But it could well have been a pagan prayer for snow.

You May Like

US Investors Eye IPO for China's Alibaba

E-commerce giant handled 80 percent of China's online business last year, logging more Internet transactions than US-based Amazon.com and eBay combined More

Video Uneasy Calm Settles Over Israel, Gaza Strip

As cease-fire begins, Palestinians celebrate in streets; Israelis remain wary More

Video Chinese Doctors Use 3-D Spinal Implant

In treatment of a 12-year-old boy Chinese doctors used a 3-D printer and special software to create an exact replica of vertebra More

This forum has been closed.
Comment Sorting
Comments
     
by: Gennady from: Russia, Volga Region
April 04, 2013 9:27 PM
With global warming high up on the world’s agenda, it was certain from the very beginning the absurdity of the idea – to host Winter Olympic Games in undeveloped sleepy subtropical town of Sochi with fragile ecosystem and Caucasian separatists waging their war just round the corner. The ridiculous project for two weeks sporting event has already cost 50 bln $, 6-8 times over the budget at the peak of the global recession with Russia’s economy watching its contraction. Isn’t it bizarre?

Please, don’t forget that it is an impoverished country (90% population) with 1) empty budget reserves, 2) with substandard highway network (when even Moscow drowns in mud and slash every spring), 3) with healthcare, education and science fit for the third world. It couldn’t have happened anywhere in the world with the rule of the Constitution and observance of basic human rights, with proper lawmakers and judicial system, with an independent mass media.

Featured Videos

Your JavaScript is turned off or you have an old version of Adobe's Flash Player. Get the latest Flash player.
Chinese Doctors Use 3-D Spinal Implanti
X
August 27, 2014 4:53 PM
A Chinese boy suffering from a debilitating bone disease has become the first patient with a part of his spine created in a three-dimensional printer. Doctors say he will soon regain normal mobility. VOA’s George Putic reports.
Video

Video Chinese Doctors Use 3-D Spinal Implant

A Chinese boy suffering from a debilitating bone disease has become the first patient with a part of his spine created in a three-dimensional printer. Doctors say he will soon regain normal mobility. VOA’s George Putic reports.
Video

Video Uneasy Calm Settles Over Israel, Gaza Strip

Israel and the Gaza Strip have been calm since a cease-fire set in Tuesday evening, ending seven weeks of hostilities. Hamas, which controls Gaza, declared victory. Israelis were more wart. VOA’s Scott Bobb reports from Jerusalem.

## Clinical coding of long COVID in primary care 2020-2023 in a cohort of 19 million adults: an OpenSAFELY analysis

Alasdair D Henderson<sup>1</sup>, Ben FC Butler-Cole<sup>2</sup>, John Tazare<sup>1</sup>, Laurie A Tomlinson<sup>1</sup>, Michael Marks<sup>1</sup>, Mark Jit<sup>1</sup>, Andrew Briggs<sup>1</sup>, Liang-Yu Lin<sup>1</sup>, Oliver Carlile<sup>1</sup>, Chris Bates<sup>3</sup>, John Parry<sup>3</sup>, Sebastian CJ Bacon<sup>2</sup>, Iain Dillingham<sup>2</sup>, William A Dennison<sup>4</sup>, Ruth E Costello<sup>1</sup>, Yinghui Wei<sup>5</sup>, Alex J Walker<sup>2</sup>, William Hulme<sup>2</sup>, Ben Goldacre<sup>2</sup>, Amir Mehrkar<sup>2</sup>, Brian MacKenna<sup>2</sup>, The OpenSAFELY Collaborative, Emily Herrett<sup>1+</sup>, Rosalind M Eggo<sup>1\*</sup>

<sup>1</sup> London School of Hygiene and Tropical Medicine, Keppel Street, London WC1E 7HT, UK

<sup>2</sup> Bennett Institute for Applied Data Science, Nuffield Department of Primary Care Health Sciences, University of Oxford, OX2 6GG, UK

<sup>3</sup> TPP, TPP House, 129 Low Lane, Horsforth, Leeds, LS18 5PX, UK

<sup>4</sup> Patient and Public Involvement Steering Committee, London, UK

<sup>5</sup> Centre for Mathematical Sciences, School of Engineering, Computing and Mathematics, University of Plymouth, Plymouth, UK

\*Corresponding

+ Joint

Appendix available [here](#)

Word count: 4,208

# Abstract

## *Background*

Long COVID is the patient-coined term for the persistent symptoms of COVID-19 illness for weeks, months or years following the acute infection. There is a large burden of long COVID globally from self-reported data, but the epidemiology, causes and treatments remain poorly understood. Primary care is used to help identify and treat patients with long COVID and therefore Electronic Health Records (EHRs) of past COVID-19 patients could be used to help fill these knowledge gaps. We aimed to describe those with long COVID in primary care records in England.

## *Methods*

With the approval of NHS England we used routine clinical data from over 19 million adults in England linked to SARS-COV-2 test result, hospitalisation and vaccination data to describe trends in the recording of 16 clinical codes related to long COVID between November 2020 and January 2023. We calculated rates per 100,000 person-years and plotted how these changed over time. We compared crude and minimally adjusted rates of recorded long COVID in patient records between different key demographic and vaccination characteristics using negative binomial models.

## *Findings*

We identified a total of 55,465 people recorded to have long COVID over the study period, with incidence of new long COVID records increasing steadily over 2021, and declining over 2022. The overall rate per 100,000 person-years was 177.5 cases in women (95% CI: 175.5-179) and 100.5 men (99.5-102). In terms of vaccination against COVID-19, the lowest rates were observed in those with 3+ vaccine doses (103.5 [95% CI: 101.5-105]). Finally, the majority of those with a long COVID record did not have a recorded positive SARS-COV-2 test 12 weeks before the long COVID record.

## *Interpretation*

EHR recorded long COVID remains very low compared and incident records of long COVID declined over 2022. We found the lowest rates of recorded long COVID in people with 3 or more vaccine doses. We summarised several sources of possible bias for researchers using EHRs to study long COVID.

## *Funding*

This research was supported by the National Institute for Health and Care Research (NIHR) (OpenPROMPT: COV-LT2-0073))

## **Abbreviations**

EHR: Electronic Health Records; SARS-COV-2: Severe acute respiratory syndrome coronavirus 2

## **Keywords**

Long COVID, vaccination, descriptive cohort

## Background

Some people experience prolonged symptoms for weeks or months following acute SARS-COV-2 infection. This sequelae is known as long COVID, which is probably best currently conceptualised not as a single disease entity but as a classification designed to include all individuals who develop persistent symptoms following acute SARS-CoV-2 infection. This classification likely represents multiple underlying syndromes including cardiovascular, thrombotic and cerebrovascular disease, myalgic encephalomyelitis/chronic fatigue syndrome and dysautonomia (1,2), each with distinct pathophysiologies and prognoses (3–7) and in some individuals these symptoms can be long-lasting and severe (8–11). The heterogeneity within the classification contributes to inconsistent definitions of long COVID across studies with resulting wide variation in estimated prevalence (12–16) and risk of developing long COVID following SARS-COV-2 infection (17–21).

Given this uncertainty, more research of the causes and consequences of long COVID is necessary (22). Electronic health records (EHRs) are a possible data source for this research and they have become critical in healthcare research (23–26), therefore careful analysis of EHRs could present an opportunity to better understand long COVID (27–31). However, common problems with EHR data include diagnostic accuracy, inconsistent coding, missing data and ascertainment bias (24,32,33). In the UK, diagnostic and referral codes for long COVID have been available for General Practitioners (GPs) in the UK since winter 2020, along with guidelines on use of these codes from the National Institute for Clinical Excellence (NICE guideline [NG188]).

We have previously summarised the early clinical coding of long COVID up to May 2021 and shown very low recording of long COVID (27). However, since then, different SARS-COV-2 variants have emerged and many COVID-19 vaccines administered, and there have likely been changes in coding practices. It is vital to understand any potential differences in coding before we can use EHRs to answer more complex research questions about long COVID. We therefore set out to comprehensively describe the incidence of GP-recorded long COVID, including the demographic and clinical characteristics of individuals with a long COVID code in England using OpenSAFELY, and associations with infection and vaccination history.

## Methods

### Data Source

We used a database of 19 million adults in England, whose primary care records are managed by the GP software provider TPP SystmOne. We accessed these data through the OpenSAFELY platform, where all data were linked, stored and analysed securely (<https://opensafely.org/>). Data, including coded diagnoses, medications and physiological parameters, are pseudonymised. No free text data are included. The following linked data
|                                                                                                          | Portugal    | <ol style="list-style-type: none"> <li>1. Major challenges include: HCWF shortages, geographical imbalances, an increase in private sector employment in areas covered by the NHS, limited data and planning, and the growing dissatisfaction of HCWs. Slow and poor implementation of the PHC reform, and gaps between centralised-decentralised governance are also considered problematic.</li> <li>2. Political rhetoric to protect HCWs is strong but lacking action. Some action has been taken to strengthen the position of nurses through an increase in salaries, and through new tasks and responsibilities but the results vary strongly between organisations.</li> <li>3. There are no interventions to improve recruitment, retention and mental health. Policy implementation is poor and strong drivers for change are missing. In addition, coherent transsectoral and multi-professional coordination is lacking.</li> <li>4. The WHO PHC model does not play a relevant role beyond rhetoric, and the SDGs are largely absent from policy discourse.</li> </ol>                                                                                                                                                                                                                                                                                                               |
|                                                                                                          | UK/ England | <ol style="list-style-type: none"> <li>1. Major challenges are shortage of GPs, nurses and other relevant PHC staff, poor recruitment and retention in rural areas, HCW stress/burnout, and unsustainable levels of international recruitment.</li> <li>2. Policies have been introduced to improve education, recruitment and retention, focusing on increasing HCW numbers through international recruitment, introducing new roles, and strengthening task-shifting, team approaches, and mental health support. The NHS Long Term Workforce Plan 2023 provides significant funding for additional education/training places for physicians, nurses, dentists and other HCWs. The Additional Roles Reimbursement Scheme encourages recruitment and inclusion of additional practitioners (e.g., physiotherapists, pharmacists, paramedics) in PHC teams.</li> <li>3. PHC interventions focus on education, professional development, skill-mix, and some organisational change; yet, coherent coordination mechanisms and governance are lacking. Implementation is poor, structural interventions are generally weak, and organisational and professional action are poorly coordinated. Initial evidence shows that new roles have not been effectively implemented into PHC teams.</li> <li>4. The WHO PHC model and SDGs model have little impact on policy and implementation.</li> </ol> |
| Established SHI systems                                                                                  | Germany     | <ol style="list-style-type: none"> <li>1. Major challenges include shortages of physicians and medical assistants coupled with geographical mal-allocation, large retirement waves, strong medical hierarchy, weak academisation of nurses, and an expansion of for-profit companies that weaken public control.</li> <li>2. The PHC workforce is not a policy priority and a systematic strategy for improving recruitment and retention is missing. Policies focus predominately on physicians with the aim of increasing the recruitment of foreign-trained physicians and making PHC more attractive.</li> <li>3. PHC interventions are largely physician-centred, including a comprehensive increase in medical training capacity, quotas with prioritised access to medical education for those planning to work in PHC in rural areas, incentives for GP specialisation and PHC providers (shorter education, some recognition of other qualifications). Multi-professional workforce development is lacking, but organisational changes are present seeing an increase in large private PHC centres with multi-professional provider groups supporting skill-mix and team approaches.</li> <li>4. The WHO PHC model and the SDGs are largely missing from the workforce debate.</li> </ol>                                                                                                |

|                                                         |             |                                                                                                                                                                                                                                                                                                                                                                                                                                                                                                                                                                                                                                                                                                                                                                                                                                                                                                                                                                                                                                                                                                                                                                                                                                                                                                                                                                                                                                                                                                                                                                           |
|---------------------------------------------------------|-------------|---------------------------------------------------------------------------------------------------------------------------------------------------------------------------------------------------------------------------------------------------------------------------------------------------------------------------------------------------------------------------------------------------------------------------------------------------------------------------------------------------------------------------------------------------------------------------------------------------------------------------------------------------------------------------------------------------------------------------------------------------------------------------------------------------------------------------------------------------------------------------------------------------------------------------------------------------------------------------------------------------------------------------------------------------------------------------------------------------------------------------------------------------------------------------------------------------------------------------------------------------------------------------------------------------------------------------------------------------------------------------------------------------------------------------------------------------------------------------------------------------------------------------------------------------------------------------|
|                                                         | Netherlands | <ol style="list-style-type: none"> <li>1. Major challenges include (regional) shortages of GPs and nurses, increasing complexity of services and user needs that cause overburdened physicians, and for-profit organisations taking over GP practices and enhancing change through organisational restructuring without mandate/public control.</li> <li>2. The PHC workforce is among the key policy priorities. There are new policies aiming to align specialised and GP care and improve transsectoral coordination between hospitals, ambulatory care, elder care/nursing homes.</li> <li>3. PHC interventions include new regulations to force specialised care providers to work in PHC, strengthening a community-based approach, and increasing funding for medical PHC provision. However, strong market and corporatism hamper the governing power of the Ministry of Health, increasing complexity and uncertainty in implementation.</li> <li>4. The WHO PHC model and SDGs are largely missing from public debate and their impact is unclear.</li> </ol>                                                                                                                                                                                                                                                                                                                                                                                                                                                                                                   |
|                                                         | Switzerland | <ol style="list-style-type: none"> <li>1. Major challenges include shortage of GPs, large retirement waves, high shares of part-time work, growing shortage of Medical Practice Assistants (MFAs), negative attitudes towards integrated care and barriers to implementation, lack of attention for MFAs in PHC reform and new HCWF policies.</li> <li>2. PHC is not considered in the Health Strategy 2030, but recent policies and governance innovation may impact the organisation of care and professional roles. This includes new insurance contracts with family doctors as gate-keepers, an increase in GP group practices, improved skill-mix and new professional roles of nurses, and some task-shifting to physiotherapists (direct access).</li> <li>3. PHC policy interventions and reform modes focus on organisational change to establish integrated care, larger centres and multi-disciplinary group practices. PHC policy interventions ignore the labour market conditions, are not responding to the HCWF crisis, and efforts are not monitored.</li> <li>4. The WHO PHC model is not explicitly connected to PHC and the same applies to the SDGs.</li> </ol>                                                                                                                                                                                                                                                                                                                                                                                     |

Video

Video India’s Leprosy Battle Stymied by Continuing Stigma

Medical advancements in the treatment of leprosy have greatly diminished its impact around the world, largely eliminating the disease from most countries. India made great strides in combating leprosy, but still accounts for a majority of the world’s new cases each year, and the number of newly infected Indians is rising - more than 130,000 recorded last year. Doctors there say the problem has more to do with society than science. VOA News reports from Kolkata.
Video

Video Northern California Quake: No Way to Know When Next One Will Hit

A magnitude 6.0 earthquake rocked northern California’s Napa Valley on Sunday. Roads twisted and water mains burst. It was the wine country’s most severe quake in 15 years, and while hospitals treated many people, no one was killed. Arash Arabasadi has more from Washington on what the future may hold for those residents living on a fault line.
Video

Video Scientists Unlock Mystery of Bird Flocks

How can flocks of birds, schools of fish or herds of antelope suddenly change direction -- all the individuals adjusting their movement in concert, at seemingly the same time? British researchers now have some insights into this behavior, which has puzzled scientists for a long time. VOA's George Putic has more.
Video

Video Ukraine: Captured Troops Proof of Russian Role in Separatist Fight

Ukrainian officials say they have captured Russian soldiers on Ukrainian territory -- the latest accusation of Moscow's involvement in the conflict in eastern Ukraine. VOA's Gabe Joselow reports from the Ukrainian side of the battle, where soldiers are convinced of Russia's role.
Video

Video Rubber May Soon Come From Dandelions

Synthetic rubber has been around for more than a century, but quality tires for cars, trucks and aircraft still need up to 40 percent or more natural rubber content. As the source of natural rubber, the rubber tree, is prone to disease and can be affected by bad weather. So scientists are looking for replacements. And as VOA’s George Putic reports, they may have found one in a ubiquitous weed.
Video

Video Jewish Life in Argentina Reflected in Yiddish Tango

Jewish people from across Europe and Russia have been immigrating to Argentina for hundreds of years. They brought with them dance music that were eventually mixed with Argentine tango. The result is Yiddish tango -- a fusion of melodies and cultural experiences that is still evolving today. Elizabeth Lee reports from the Skirball Cultural Center in Los Angeles, where one band is bringing Yiddish tango to an American audience.

AppleAndroid